• Closer to the usual core of this site, Can You Escape? of Edinburgh are hosting a Disabled Access Day on Saturday 12th March. “Join us on Disabled Access Day between 10.30 and 12.00 to take a look around Operation Odyssey our space themed mission, giving you a chance to check if the room is suitable and have a go at some puzzles (not the ones in the room – that would be cheating!) ((…)) People taking part in Disabled Access Day can also get 30% off bookings on the day or bookings made on the day.” Clearly Can You Escape? takes accessibility seriously; see the entry in the FAQ, but also the site’s inclusion in Euan’s Guide for disabled access reviews. While it’s far from the only site to do so, Exit Games UK is not aware of anything quite like this Disabled Access Day before and this would appear to be an instant example of best practice, well worth consideration by sites up and down the country. If you want to see whether the site is right for you, e-mail Can You Escape? first because only a limited number of spaces are available.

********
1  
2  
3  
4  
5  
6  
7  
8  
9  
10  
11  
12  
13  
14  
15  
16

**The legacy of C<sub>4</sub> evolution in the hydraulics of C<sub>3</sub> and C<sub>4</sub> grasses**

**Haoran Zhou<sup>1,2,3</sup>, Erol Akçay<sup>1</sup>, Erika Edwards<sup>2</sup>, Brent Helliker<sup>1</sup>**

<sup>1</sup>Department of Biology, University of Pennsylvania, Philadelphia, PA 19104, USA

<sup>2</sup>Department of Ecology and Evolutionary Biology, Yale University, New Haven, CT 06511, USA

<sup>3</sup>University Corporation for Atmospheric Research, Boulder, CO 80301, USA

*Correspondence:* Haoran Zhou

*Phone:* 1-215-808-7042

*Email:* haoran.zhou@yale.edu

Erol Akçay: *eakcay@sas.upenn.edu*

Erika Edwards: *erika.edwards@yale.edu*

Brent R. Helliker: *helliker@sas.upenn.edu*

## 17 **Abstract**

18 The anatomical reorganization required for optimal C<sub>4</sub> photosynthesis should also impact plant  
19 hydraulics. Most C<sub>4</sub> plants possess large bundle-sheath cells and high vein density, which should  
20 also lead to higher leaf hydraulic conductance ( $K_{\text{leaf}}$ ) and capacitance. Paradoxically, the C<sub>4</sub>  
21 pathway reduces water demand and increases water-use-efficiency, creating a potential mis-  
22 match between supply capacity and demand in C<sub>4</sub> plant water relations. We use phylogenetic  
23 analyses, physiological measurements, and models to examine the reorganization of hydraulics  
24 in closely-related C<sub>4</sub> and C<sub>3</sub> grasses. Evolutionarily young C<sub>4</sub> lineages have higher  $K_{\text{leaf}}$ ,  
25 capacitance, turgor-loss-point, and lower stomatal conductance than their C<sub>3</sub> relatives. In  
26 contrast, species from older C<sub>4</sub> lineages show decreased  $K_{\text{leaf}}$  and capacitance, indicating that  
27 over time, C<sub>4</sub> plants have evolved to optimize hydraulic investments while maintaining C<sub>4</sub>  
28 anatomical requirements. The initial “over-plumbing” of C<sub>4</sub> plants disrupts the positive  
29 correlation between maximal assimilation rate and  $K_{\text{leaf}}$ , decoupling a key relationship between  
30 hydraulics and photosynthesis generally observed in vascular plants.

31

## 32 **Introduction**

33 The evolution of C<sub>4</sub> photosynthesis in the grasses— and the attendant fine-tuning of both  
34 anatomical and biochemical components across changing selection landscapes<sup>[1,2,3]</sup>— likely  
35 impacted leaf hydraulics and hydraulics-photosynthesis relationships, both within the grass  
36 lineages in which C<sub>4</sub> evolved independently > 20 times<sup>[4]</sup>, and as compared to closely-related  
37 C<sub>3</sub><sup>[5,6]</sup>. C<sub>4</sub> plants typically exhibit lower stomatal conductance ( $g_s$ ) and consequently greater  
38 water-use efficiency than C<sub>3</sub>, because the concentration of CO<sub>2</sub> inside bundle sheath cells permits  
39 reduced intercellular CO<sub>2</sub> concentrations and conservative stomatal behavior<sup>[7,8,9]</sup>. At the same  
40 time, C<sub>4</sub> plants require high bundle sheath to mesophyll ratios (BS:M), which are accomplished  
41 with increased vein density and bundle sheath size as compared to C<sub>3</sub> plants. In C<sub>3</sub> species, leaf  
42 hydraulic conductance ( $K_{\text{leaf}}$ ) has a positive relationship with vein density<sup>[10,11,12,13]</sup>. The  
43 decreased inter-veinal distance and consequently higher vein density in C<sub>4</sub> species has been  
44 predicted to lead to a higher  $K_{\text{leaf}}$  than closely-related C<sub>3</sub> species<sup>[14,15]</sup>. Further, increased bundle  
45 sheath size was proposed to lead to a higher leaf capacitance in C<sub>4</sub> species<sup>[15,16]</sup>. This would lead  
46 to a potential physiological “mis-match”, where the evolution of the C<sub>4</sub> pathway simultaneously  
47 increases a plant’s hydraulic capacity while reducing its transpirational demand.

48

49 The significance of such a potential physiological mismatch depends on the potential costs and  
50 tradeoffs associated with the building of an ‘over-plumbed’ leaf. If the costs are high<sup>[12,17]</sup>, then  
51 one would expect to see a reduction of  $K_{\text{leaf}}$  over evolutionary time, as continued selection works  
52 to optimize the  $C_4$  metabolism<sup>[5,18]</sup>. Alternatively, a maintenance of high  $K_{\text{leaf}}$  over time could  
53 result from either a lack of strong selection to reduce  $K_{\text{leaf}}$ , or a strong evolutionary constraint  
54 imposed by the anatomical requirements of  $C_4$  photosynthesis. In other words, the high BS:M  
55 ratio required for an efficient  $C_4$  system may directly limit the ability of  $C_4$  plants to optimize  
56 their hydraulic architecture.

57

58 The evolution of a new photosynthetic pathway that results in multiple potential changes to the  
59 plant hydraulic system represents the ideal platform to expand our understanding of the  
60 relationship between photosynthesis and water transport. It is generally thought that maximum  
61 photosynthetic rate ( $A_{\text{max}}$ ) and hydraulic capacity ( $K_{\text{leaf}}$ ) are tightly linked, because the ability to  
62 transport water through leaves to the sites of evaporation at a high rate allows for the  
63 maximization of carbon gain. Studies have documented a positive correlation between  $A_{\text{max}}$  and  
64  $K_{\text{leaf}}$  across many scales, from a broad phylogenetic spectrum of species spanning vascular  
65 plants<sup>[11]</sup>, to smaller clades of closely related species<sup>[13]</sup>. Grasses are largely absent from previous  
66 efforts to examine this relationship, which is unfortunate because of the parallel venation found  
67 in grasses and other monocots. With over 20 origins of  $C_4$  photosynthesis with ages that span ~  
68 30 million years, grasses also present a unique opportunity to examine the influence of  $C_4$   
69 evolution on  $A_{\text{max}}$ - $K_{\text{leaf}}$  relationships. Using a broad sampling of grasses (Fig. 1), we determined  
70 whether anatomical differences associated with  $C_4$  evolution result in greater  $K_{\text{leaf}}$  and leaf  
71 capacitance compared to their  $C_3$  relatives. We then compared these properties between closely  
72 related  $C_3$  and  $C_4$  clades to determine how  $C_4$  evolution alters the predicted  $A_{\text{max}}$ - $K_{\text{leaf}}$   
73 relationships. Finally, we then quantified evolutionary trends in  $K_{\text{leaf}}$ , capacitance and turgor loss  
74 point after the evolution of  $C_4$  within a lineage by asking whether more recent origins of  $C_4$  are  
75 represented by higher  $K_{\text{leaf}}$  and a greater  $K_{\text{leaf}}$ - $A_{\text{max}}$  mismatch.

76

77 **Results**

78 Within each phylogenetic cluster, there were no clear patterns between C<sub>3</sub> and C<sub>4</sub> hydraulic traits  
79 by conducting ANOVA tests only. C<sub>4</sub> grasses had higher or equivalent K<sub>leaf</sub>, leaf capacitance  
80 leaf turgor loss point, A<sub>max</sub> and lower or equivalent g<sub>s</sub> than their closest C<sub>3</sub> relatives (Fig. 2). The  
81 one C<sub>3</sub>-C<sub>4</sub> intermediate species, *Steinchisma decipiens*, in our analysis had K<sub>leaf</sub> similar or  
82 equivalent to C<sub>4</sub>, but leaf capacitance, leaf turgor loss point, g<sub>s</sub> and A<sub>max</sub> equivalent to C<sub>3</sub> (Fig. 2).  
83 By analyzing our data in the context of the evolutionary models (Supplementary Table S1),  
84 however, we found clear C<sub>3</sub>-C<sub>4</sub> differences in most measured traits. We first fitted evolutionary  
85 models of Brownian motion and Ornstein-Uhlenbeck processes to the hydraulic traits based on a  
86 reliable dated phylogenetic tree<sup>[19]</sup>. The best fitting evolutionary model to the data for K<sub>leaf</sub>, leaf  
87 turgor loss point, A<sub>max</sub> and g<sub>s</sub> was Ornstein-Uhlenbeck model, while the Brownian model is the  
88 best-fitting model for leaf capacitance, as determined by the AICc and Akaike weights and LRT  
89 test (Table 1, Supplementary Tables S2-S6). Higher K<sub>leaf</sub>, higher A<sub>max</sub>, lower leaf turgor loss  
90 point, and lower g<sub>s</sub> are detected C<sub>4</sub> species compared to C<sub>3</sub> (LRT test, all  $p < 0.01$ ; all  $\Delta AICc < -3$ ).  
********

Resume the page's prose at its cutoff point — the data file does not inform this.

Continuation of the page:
• April is set to be busy, busy, busy, though in a very good way. From 1st to 3rd April, Now Play This returns to the New Wing of Somerset House in London. It’s not clear what will be on the line-up this year as the open call is in progress; “This year we’re particularly keen on things with interesting controllers, games which deal with utopias, play in a city context, and work which encourages player creativity – but games outside these themes are also welcome.” The event is part of the larger London Games Festival, “running from 1 to 10 April 2016, the festival includes 15 official events across 10 different locations” – perhaps something exit game-related might be appropriate for the Festival Fringe?